Rural round-up

October 16, 2018

Farming with depression a daily battle for young Waikato Farmer – Gerald Piddock:

Paige Hocking takes it one day at a time in battling depression while working on a dairy farm.

She seldom makes long-term plans because she never knows when the black dog might wander in.

It all starts in the morning when she wakes up on the 125-hectare farm she works as a dairy assistant near Waiterimu in Waikato.

The 21-year-old was diagnosed with depression three years ago. She describes its effects as like shaking up a bottle of soft drink. . .

Scheme’s success testament to conscience of rural community – Richard Davison:

Water quality in New Zealand’s creeks and rivers has become a hot-button issue during recent years, and much has been made of the failure to live up to the nation’s “100% Pure” branding.

Given recent headlines declaring Otago’s waterways to be “horrific”, and with only 60% considered better than “fair” over the course of a 10-year analysis, it would be easy to believe the message has not been getting through to where — and to whom — it matters.

Those often bearing the brunt of blame for deteriorating water quality have been farmers, but their characterisation as wilfully ignorant, environment-wrecking profiteers could not be further from the truth, according to Landcare Research environmental scientist Craig Simpson. . . 

Bees taking farmer on busy journey – Sally Rae:

Julie Kearney is getting a buzz out of bees.

Mrs Kearney and husband Tony farm sheep and beef cattle on Shingly Creek Station, a 2000ha property on the Pig Root.

Nearly three years ago, the fifth-generation farmers were discussing how they did not see many bees on the farm.

So Mrs Kearney completed a certificate in apiculture through Taratahi and she now has 14 established hives. . . 

Mycoplasma bovis compensation mired in delays as plot thickens – Keith Woodford:

The messages coming from MPI, and also mirrored by Prime Minister Jacinda Adern’s recent comments, are that good progress is being made with Mycoplasma bovis eradication and that MPI is getting on top of its problems. The reality from where I stand is somewhat different.

As of 12 October, official data shows there have been 400 claims lodged for compensation, starting back in the late 2017. Of these, 183 have been either partially or totally paid, leaving 217 waiting in the system. Of those that have been paid, MPI provides no data as to how many are partially paid and how many are total.

In the last four weeks, MPI has averaged 14 payments per week, with an average total weekly payment of around $1.1 million.   At that rate, it will take about four months to clear the existing backlog to get even partial payments. . . 

Massive leap forward for New Zealand sheep genetics:

Beef + Lamb New Zealand (B+LNZ) Genetics has just launched a new $5 million genetic evaluation system – a transformative step for the country’s sheep industry.

B+LNZ Genetics General Manager Graham Alder says the new evaluation is the result of four years of research, developing new cloud-based computing systems and testing.

“It is based on Single Step technology, whereby genomic information is incorporated into the evaluation, alongside traditional genetic measures. The result is a faster, more accurate evaluation, which allows New Zealand ram breeders to make better, more-timely decisions around the selection and dissemination of profitable and consumer-focused genetics. . .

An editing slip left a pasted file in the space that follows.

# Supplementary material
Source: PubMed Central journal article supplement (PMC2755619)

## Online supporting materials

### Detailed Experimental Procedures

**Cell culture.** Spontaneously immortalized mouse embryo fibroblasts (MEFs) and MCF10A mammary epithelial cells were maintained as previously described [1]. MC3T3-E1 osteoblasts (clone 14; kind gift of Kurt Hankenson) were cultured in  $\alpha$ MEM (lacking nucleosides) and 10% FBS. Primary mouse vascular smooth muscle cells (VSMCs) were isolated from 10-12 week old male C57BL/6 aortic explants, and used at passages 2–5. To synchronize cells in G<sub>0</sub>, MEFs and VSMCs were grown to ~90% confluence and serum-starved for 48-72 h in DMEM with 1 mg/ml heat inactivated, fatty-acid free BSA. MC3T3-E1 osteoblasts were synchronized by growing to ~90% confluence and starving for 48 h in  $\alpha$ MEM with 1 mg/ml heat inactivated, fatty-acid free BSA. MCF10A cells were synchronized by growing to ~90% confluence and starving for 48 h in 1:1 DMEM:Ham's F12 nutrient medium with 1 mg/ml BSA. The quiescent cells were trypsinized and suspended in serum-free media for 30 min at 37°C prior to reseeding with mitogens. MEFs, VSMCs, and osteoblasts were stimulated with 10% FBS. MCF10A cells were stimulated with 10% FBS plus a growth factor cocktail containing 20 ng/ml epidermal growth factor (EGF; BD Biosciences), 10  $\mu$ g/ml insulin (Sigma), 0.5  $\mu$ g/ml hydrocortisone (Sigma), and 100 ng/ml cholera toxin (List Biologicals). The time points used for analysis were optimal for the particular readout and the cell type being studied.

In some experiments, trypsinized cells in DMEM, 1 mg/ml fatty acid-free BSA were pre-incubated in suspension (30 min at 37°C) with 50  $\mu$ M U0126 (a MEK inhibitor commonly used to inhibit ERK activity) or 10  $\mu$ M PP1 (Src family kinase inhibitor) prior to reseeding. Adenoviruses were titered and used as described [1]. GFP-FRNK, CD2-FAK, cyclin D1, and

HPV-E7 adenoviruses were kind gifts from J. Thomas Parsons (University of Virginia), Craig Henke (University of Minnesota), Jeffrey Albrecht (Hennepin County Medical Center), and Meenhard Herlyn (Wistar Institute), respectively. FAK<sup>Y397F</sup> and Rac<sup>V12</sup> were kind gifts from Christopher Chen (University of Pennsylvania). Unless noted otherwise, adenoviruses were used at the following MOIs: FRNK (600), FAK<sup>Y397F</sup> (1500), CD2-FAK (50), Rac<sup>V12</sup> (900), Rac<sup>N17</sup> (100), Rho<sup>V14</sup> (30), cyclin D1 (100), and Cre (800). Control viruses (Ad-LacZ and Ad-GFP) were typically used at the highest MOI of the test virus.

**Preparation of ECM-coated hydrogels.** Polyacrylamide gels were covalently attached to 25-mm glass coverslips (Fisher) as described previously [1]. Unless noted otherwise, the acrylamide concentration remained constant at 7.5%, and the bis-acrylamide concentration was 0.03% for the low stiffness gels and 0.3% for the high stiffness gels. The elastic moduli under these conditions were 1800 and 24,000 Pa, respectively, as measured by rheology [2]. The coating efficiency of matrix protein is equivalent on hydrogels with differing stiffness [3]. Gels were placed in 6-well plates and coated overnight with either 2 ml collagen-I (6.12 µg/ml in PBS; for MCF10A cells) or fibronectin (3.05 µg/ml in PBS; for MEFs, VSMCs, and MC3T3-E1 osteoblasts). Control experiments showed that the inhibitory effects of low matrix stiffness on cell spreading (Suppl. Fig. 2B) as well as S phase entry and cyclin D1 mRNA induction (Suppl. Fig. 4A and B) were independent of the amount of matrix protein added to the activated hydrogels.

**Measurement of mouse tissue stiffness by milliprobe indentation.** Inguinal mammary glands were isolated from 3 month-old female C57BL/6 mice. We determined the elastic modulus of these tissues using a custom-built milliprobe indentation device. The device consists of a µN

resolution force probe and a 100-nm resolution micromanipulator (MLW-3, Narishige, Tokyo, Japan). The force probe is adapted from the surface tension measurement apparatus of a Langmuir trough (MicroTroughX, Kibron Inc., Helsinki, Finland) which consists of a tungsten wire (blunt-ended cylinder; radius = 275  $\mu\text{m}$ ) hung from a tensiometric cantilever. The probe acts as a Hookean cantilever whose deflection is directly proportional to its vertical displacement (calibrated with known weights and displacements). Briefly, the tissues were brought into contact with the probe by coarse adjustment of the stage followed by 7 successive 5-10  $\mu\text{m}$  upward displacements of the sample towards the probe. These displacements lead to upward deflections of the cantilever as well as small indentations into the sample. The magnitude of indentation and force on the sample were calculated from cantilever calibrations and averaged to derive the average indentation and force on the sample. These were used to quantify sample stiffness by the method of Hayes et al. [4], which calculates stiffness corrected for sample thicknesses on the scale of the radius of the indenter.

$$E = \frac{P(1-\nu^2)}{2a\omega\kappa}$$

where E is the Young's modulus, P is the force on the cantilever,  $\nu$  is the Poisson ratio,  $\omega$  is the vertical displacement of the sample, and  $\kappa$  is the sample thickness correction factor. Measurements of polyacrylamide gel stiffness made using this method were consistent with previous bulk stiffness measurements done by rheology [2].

New NZ Young Farmers CEO plans North Island road trip to visit members:

NZ Young Farmers’ new chief executive will “couch surf” her way around the North Island next month.

Lynda Coppersmith has announced plans for a road trip to meet members in Hawke’s Bay, Taranaki and the Waikato.

She will also join 40 teachers on a Teachers’ Day Out event in Hawke’s Bay on November 6th. . . 

’Jaw dropping’ : New Zealand offers lessons in tackling climate change – Peter Hannam:

Scott Simpson, New Zealand’s National Party environment spokesman, stunned a trans-Tasman investment meeting last week by stating that climate action was “too important to be playing politics with”.

Or rather, it was the Australian delegates who were shocked, so used are they to the toxic debates in Canberra.

“It made my jaw drop, that’s for sure,” said Emma Herd, chief executive of the Investor Group on Climate Change. . .


Rural round-up

September 22, 2018

Changes on the farm are improving water efficiency:

A water tax isn’t workable – but changes on the farm are improving water efficiency

IrrigationNZ says that introducing a nationwide water tax is not workable, and that allowing irrigators to continue to invest in more modern irrigation systems rather than taxing them will result in the biggest improvements in water use efficiency.

“A water tax has been considered in other countries internationally but in every case it has been abandoned. Other countries have found it too complex and expensive to design a fair water tax which can be easily implemented without resulting in adverse outcomes,” says IrrigationNZ Chief Executive Andrew Curtis. . .

1080 drop to go ahead after failed legal bid :

A conservation group has failed in its legal bid to stop a 1080 drop in the Hunua Ranges near Auckland.

The Friends of Sherwood Trust won a temporary injunction in the Environment Court halting the major pest control programme two weeks ago.

It argued that the drop breached the Resource Management Act which prohibits the dropping of substances in beds of lakes and rivers.

However today the court refused the Trust’s bid to further halt the drop.

“We are not persuaded that there is likely to be serious harm to the environment if the proposed application proceeds.” . .